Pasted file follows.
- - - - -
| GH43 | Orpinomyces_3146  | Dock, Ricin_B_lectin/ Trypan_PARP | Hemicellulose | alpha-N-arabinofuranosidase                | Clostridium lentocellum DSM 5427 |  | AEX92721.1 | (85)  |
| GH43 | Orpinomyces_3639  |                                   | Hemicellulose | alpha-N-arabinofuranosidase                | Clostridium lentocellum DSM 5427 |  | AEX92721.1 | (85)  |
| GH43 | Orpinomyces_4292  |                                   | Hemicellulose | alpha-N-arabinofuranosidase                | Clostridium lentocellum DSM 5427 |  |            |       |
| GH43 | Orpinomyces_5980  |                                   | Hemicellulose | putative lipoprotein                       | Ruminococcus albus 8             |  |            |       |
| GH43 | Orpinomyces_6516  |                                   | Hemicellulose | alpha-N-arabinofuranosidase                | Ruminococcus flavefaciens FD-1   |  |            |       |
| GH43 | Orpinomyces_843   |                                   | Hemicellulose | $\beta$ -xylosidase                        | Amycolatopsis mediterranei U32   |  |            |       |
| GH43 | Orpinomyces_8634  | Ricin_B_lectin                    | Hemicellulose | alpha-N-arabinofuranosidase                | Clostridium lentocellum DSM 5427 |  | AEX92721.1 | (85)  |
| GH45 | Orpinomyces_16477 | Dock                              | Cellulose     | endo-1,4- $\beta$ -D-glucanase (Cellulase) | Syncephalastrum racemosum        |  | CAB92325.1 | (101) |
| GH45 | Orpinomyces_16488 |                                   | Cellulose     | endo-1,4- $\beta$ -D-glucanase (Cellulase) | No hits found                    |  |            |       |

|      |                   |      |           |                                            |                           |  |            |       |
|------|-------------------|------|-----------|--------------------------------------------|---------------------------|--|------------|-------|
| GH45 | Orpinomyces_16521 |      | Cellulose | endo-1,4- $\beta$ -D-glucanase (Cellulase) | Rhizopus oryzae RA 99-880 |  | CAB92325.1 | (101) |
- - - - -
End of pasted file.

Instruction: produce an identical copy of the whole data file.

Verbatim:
| GH43 | Orpinomyces_3146  | Dock, Ricin_B_lectin/ Trypan_PARP | Hemicellulose | alpha-N-arabinofuranosidase                | Clostridium lentocellum DSM 5427 |  | AEX92721.1 | (85)  |
| GH43 | Orpinomyces_3639  |                                   | Hemicellulose | alpha-N-arabinofuranosidase                | Clostridium lentocellum DSM 5427 |  | AEX92721.1 | (85)  |
| GH43 | Orpinomyces_4292  |                                   | Hemicellulose | alpha-N-arabinofuranosidase                | Clostridium lentocellum DSM 5427 |  |            |       |
| GH43 | Orpinomyces_5980  |                                   | Hemicellulose | putative lipoprotein                       | Ruminococcus albus 8             |  |            |       |
| GH43 | Orpinomyces_6516  |                                   | Hemicellulose | alpha-N-arabinofuranosidase                | Ruminococcus flavefaciens FD-1   |  |            |       |
| GH43 | Orpinomyces_843   |                                   | Hemicellulose | $\beta$ -xylosidase                        | Amycolatopsis mediterranei U32   |  |            |       |
| GH43 | Orpinomyces_8634  | Ricin_B_lectin                    | Hemicellulose | alpha-N-arabinofuranosidase                | Clostridium lentocellum DSM 5427 |  | AEX92721.1 | (85)  |
| GH45 | Orpinomyces_16477 | Dock                              | Cellulose     | endo-1,4- $\beta$ -D-glucanase (Cellulase) | Syncephalastrum racemosum        |  | CAB92325.1 | (101) |
| GH45 | Orpinomyces_16488 |                                   | Cellulose     | endo-1,4- $\beta$ -D-glucanase (Cellulase) | No hits found                    |  |            |       |

|      |                   |      |           |                                            |                           |  |            |       |
|------|-------------------|------|-----------|--------------------------------------------|---------------------------|--|------------|-------|
| GH45 | Orpinomyces_16521 |      | Cellulose | endo-1,4- $\beta$ -D-glucanase (Cellulase) | Rhizopus oryzae RA 99-880 |  | CAB92325.1 | (101) |